I've been living my entire life in error - I've always thought it's "Hamming window"...
 

Offline Neganur

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Re: EEVblog #845 - Oscilloscope FFT Comparison
« Reply #35 on: January 27, 2016, 08:42:23 pm »
That's the thing, there is Hamming. There isn't Hanning tough, it's supposed to be Hann. German names confused the hell out of the English speaking people (or so my Signals & Systems prof claimed :P)
 

Offline janoc

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Re: EEVblog #845 - Oscilloscope FFT Comparison
« Reply #36 on: January 27, 2016, 08:53:04 pm »
A fellow forum member has written software you can use to run live FFT against up to the entire sample memory of the Rigols using the much more powerful PC CPU.

https://www.youtube.com/watch?v=twRke3suKpE&feature=youtu.be

Project site:
http://rheslip.blogspot.com/


Or, an even simpler solution if you don't need realtime analysis - capture the waveform on an USB stick and then analyze it on a PC in something like Matlab or using Python. It certainly works much better.

https://github.com/mabl/pyRigolWFM

« Last Edit: January 27, 2016, 08:55:52 pm by janoc »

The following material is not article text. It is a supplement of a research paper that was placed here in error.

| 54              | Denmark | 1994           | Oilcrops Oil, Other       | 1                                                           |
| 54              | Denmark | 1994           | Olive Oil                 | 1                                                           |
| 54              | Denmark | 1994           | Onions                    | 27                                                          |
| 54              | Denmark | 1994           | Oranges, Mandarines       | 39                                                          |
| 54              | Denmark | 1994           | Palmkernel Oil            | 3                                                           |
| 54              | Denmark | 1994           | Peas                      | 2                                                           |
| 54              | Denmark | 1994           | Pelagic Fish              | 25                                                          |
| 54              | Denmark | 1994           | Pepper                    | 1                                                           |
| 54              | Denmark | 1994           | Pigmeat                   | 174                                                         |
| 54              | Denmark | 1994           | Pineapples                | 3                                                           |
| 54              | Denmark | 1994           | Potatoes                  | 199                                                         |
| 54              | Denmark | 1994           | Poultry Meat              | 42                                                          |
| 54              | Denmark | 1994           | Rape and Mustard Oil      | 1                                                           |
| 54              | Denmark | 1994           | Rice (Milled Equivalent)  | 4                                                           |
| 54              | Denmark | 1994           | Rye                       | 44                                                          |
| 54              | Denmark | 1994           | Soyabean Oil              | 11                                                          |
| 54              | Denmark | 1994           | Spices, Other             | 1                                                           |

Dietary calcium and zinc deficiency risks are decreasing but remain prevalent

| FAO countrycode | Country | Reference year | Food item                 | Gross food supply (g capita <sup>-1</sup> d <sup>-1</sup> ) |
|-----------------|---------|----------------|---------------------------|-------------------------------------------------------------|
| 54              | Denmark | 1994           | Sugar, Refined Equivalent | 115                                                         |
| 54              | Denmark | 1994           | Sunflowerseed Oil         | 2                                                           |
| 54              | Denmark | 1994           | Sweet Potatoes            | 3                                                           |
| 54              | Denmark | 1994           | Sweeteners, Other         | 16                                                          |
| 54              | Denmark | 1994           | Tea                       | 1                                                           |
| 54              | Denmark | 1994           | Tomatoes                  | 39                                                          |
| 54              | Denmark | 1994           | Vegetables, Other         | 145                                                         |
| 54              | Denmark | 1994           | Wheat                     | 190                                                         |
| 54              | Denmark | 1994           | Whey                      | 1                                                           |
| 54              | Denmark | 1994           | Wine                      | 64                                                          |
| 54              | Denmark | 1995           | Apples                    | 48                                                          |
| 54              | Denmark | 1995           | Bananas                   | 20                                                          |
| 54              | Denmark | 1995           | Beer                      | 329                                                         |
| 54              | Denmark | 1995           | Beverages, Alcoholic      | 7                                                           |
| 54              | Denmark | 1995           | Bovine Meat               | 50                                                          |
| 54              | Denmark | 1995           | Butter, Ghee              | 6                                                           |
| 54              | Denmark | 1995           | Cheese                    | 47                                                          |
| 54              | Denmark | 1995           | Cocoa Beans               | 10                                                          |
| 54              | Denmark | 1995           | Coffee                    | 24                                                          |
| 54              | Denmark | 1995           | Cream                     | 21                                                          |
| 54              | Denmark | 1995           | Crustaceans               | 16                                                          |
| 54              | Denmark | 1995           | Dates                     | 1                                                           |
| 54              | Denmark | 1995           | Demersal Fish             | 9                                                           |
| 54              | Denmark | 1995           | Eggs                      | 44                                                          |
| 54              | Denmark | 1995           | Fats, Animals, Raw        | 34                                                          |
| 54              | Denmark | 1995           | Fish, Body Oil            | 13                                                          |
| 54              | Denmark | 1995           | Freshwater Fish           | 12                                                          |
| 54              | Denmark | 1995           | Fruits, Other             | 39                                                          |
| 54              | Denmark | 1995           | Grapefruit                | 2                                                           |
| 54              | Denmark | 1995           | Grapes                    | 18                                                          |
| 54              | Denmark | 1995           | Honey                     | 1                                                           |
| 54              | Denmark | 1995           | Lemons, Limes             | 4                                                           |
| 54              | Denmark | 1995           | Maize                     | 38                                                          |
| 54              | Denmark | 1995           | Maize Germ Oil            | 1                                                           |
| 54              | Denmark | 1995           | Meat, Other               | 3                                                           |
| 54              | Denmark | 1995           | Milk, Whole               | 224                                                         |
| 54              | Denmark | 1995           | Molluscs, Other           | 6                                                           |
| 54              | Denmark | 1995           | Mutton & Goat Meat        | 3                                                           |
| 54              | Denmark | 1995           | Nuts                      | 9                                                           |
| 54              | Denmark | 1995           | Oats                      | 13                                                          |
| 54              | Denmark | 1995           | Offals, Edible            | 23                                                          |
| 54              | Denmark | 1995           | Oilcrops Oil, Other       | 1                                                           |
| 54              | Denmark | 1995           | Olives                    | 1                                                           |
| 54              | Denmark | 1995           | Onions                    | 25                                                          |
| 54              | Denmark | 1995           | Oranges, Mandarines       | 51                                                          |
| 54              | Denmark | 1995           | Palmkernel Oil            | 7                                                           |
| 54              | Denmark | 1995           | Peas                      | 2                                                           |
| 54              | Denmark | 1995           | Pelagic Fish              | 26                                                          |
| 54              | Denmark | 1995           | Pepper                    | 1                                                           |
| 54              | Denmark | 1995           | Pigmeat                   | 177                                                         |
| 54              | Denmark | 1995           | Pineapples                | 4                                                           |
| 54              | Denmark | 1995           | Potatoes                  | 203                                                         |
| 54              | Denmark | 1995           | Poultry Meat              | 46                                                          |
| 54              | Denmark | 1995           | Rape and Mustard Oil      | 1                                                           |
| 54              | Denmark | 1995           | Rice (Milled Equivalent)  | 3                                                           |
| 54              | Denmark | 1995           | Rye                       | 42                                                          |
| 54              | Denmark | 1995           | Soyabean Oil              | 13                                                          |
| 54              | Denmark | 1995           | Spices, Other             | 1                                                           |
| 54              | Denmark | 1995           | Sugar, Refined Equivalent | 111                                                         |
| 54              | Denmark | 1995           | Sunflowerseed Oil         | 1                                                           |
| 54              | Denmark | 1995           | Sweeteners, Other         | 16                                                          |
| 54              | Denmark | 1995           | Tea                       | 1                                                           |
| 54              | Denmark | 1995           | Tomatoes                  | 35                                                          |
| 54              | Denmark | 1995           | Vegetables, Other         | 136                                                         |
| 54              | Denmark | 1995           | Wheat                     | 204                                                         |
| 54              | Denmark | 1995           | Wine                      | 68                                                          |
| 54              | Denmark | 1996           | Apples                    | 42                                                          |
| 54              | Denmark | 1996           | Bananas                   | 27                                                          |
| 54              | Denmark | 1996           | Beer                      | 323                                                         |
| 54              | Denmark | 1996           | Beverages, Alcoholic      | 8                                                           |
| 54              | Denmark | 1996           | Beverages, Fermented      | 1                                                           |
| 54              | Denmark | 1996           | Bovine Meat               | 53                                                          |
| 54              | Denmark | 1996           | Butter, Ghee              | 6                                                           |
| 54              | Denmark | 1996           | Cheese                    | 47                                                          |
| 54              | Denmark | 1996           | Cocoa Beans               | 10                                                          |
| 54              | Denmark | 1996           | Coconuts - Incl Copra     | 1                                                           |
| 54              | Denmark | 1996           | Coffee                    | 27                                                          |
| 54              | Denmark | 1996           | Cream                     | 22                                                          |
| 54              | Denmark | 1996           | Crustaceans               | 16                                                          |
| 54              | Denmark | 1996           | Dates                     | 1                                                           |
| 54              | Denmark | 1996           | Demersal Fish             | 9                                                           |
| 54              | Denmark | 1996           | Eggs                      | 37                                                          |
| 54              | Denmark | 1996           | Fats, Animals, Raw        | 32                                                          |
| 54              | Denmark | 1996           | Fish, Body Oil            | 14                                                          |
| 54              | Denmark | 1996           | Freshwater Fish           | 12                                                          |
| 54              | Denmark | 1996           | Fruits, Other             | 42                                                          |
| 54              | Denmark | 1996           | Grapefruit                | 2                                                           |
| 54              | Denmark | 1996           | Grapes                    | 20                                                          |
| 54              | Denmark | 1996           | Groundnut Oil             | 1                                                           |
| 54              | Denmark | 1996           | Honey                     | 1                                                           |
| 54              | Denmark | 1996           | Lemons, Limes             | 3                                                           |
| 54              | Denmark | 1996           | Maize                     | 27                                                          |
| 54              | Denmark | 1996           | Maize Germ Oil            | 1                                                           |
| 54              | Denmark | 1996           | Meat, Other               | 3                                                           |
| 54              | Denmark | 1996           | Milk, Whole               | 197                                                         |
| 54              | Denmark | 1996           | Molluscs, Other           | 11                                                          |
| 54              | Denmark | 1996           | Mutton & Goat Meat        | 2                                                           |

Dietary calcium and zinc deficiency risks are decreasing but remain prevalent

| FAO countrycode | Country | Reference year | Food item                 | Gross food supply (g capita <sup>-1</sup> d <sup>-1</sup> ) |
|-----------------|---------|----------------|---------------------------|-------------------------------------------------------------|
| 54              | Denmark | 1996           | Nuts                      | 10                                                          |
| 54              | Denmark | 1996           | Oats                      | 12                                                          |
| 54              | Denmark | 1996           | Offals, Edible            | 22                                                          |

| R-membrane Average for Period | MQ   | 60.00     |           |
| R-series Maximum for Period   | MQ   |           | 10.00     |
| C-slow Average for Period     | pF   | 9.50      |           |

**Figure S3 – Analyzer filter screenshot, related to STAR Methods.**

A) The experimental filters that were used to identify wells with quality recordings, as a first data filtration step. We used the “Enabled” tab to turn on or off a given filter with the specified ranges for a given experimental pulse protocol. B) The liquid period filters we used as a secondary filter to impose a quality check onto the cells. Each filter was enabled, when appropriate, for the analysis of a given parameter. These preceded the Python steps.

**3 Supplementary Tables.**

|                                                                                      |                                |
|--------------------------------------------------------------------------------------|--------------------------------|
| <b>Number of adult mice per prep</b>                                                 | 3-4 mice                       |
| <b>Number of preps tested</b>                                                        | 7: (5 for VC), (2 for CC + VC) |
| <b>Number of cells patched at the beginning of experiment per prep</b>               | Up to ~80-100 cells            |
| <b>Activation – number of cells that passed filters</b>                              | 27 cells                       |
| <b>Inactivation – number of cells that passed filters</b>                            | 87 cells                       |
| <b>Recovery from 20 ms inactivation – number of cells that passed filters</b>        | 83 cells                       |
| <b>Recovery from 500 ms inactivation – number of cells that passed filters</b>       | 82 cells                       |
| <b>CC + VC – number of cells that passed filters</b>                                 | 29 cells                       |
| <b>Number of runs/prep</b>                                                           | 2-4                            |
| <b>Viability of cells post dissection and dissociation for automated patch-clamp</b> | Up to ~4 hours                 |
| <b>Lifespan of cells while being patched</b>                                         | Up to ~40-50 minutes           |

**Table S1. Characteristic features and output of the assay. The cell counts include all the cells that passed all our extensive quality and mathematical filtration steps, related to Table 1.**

Offline max666

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Re: EEVblog #845 - Oscilloscope FFT Comparison
« Reply #37 on: January 27, 2016, 09:40:54 pm »
By the way: Given that the FFT window in question was named in honor of Julius von Hann, LeCroy is actually doing the right thing in naming the window "von Hann". "Hanning window" is a misnomer, albeit a quite popular one, so LeCroy deserves a little bit of praise for using the correct name.

That nobiliary particle "von" can suck my 'dick n' balls'. I will not play along with that nonsense, it's Hann window period.
 

Offline TinkerFan

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Re: EEVblog #845 - Oscilloscope FFT Comparison
« Reply #38 on: January 27, 2016, 09:42:36 pm »
I'm not an owner of one of those scopes (above my budget), but I like to dream  :)

Is it possible to use the scopes in FFT-Mode and in a delayed timebase mode simultanously? That would be such a great feature...
But I'm just curious...
"A good scientist is a person with original ideas. A good engineer is a person who makes a design that works with as few original ideas as possible. There are no prima donnas in engineering." - Freeman Dyson
 

Offline orion242

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Re: EEVblog #845 - Oscilloscope FFT Comparison
« Reply #39 on: January 28, 2016, 03:32:15 am »
I think we need an audio guy to make some of Dave's famous phrases into ring tones.

This video definitely has one that I could assign to a few contacts....lol.
 

Offline Maxlor

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Re: EEVblog #845 - Oscilloscope FFT Comparison
« Reply #40 on: January 28, 2016, 03:54:53 pm »
Actually, the Rigol isn't quite as horrible as it appears in Dave's video, once you update it.



This is what dave shows in the video. Frequency resolution is extremely low and the noise floor is high, because the Rigol appears to work with the screen buffer only, that's only a couple hundred data points.